7 Reading Hacks To Improve Your Literary Skills
by Claire Fallon
When we think of “hacks,” many of us think of tricks to make a task quicker and easier than we’d previously believed possible. And of course, people have been trying to “hack” reading for decades, whether through speed-reading courses or apps or … well, Cliff’s Notes. The temptation of speed-reading is strong; the sheer number of books to read in the world is daunting to even the most dedicated reader. If only we could read quickly and painlessly, maybe we could make a real dent in the world’s literature in our brief lifetimes!
Reading, however, isn’t like chilling a drink or opening plastic packaging: The experience itself has just as much to offer as the end result. Hacking the reading experience by speeding it up seems to miss the value of the reading process. Plus, speed-reading may not work as well as its proponents claim, especially for more complex texts, as faster reading tends to work out to worse comprehension.
That doesn’t mean we can’t use relatively simple tricks and techniques to improve our reading. These easy reading hacks may not allow you to breeze through books and articles at the speed of light, but they should help you concentrate better, process what you’re reading more effectively, and get more out of each book.
Here are 7 basic hacks to turn your reading up to 11:
Don’t read in bed
Okay, we all love reading in bed. It’s cozy, it’s relaxing, it feels like someone is dreaming a beautiful dream for you. And then, two minutes later, you fall asleep, only to wake up four hours later with a crumpled book on your face, confused. If you want to get some actual reading done, you have to do this the right way: in an at least somewhat vertical position. Stand at your standing desk. Sit on your exercise ball.
Reading isn’t a group activity, and it certainly isn’t one facilitated by Gchat or Twitter. Set aside time to read alone, without distractions. If possible, read in a different room from your family or roommates, where there’s no TV blaring or conversation pulling you in. Definitely switch off your devices — checking for new texts, Facebook notifications, emails, Twitter mentions, Gchats, and Instagram likes is a sure path to distracted, ineffective reading.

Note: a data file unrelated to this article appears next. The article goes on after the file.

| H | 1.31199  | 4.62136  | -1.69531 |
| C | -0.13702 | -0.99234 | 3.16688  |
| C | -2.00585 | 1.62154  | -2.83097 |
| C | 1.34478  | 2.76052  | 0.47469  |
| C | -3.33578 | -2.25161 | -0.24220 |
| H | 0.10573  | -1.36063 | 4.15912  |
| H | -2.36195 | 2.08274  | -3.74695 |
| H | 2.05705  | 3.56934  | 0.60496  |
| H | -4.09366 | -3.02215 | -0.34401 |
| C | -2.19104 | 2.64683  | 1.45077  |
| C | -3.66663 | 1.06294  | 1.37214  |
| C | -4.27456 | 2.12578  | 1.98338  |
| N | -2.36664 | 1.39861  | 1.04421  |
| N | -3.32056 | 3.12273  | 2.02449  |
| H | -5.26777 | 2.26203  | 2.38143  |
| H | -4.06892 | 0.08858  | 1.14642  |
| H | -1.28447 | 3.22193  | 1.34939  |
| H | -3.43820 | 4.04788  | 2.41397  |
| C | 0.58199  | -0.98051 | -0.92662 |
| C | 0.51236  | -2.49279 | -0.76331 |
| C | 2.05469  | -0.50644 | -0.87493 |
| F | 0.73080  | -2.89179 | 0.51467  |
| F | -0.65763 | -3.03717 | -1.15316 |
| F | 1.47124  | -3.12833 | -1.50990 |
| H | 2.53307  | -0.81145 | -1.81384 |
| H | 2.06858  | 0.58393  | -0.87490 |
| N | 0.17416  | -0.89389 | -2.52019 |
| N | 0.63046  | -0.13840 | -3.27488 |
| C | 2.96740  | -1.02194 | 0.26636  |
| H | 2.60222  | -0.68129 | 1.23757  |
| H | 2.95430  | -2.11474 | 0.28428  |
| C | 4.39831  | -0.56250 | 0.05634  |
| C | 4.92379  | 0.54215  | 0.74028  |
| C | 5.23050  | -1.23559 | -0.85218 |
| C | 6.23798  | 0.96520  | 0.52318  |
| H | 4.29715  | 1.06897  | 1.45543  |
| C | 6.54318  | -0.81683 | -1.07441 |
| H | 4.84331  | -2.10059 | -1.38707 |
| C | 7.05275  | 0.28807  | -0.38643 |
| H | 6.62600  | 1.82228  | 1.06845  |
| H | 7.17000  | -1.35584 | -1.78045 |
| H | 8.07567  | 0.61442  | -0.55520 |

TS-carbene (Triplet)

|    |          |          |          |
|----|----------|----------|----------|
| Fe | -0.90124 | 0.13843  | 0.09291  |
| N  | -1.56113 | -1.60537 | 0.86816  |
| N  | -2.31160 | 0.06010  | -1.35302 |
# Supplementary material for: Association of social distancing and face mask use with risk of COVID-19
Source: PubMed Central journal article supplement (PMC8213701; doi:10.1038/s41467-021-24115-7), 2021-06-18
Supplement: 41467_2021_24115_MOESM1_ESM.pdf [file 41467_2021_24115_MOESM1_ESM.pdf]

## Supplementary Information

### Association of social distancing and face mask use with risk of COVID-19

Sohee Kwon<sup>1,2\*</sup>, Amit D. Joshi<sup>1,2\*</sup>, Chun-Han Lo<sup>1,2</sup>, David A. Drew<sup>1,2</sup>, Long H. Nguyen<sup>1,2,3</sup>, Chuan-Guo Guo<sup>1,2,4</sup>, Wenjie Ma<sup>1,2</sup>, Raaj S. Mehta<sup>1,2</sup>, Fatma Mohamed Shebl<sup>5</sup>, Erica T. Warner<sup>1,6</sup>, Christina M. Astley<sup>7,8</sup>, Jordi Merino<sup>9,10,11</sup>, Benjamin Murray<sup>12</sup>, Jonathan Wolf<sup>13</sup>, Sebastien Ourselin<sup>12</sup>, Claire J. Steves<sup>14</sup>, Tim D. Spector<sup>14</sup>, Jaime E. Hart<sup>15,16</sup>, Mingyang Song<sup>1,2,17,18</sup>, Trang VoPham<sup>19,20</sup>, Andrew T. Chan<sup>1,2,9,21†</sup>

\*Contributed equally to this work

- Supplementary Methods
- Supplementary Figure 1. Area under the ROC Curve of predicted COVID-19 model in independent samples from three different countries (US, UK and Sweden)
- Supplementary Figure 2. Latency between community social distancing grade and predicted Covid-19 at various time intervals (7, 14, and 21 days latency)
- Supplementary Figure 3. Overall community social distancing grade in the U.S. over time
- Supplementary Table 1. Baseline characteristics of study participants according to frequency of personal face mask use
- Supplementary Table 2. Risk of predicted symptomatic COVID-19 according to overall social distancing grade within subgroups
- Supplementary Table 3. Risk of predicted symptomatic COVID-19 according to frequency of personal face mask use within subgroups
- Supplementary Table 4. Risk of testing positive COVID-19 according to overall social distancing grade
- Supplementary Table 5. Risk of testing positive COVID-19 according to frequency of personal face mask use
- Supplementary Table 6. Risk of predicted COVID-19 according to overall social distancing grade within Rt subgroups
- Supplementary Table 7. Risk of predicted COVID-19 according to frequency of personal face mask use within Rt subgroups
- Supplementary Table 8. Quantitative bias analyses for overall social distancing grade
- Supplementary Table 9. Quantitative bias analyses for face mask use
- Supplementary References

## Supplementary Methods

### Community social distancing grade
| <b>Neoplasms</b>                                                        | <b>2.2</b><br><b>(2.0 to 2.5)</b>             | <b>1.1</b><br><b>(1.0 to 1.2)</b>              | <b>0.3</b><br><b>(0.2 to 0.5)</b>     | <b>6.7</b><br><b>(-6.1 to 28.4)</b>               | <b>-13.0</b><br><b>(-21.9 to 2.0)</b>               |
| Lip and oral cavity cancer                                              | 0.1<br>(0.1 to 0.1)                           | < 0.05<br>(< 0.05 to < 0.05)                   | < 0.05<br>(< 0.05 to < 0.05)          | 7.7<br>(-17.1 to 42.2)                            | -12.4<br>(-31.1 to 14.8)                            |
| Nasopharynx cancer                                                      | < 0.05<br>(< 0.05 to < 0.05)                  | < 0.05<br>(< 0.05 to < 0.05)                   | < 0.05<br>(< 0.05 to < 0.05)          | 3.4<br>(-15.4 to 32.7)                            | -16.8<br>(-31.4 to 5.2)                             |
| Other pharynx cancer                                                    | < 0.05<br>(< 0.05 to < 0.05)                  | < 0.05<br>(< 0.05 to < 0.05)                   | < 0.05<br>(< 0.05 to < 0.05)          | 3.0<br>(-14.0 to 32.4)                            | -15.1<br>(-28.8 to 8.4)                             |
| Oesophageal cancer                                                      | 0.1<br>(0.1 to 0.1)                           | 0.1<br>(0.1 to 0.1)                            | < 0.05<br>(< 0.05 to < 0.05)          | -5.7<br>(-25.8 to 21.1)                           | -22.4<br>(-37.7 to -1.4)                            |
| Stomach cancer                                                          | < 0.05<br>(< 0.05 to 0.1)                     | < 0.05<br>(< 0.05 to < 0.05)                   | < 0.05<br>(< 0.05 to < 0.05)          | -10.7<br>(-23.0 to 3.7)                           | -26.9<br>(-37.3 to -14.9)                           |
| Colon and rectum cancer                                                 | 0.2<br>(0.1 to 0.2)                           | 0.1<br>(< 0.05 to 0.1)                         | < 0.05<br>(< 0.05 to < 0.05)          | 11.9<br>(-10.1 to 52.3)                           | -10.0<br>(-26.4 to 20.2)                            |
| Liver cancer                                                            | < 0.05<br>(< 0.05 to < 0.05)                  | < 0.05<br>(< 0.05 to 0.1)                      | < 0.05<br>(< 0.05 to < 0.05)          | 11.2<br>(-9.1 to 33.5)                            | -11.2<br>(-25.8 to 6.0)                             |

Read in print if possible
Sorry e-reader fans — several studies have suggested that reading in print leads to superior comprehension and retention compared to reading on a screen. This suggests that trickier materials or books you hope to read more carefully should be read on paper, while the Kindle is reserved for fare you intend to skim or read purely for pleasure.
Books are precious, sacred objects. Nothing depresses us more than opening a used book we’ve purchased and seeing it covered with scribbled notes like, “LOL!” and “huh?” and “the tree symbolizes life” (no kidding?). However, you must leave this reverent attitude behind, as Tim Parks recently exhorted readers to do in the pages of The New York Review of Books, if you want to become a master reader. Start simply, with underlining. Hold a pen, or, if you’re still squeamish, a pencil as you read. Underscore lovely phrases, confusing sentences, or particularly memorable passages. By physically marking them, you’re forcing yourself to linger over them, taking extra mental note of the words and possibly giving yourself more opportunity to ponder their meaning.
Don’t stop at underlining! It’s time to add some “LOL”s and “huh?”s to your own books. Taking notes, either in the book, on Post-Its, or in a separate notebook, ensures you’re not only engaged in this active conversation with the book, but that you have a record of it you can review later.
Other “hacks” include:
Reread for clarity
Read aloud, or mouth along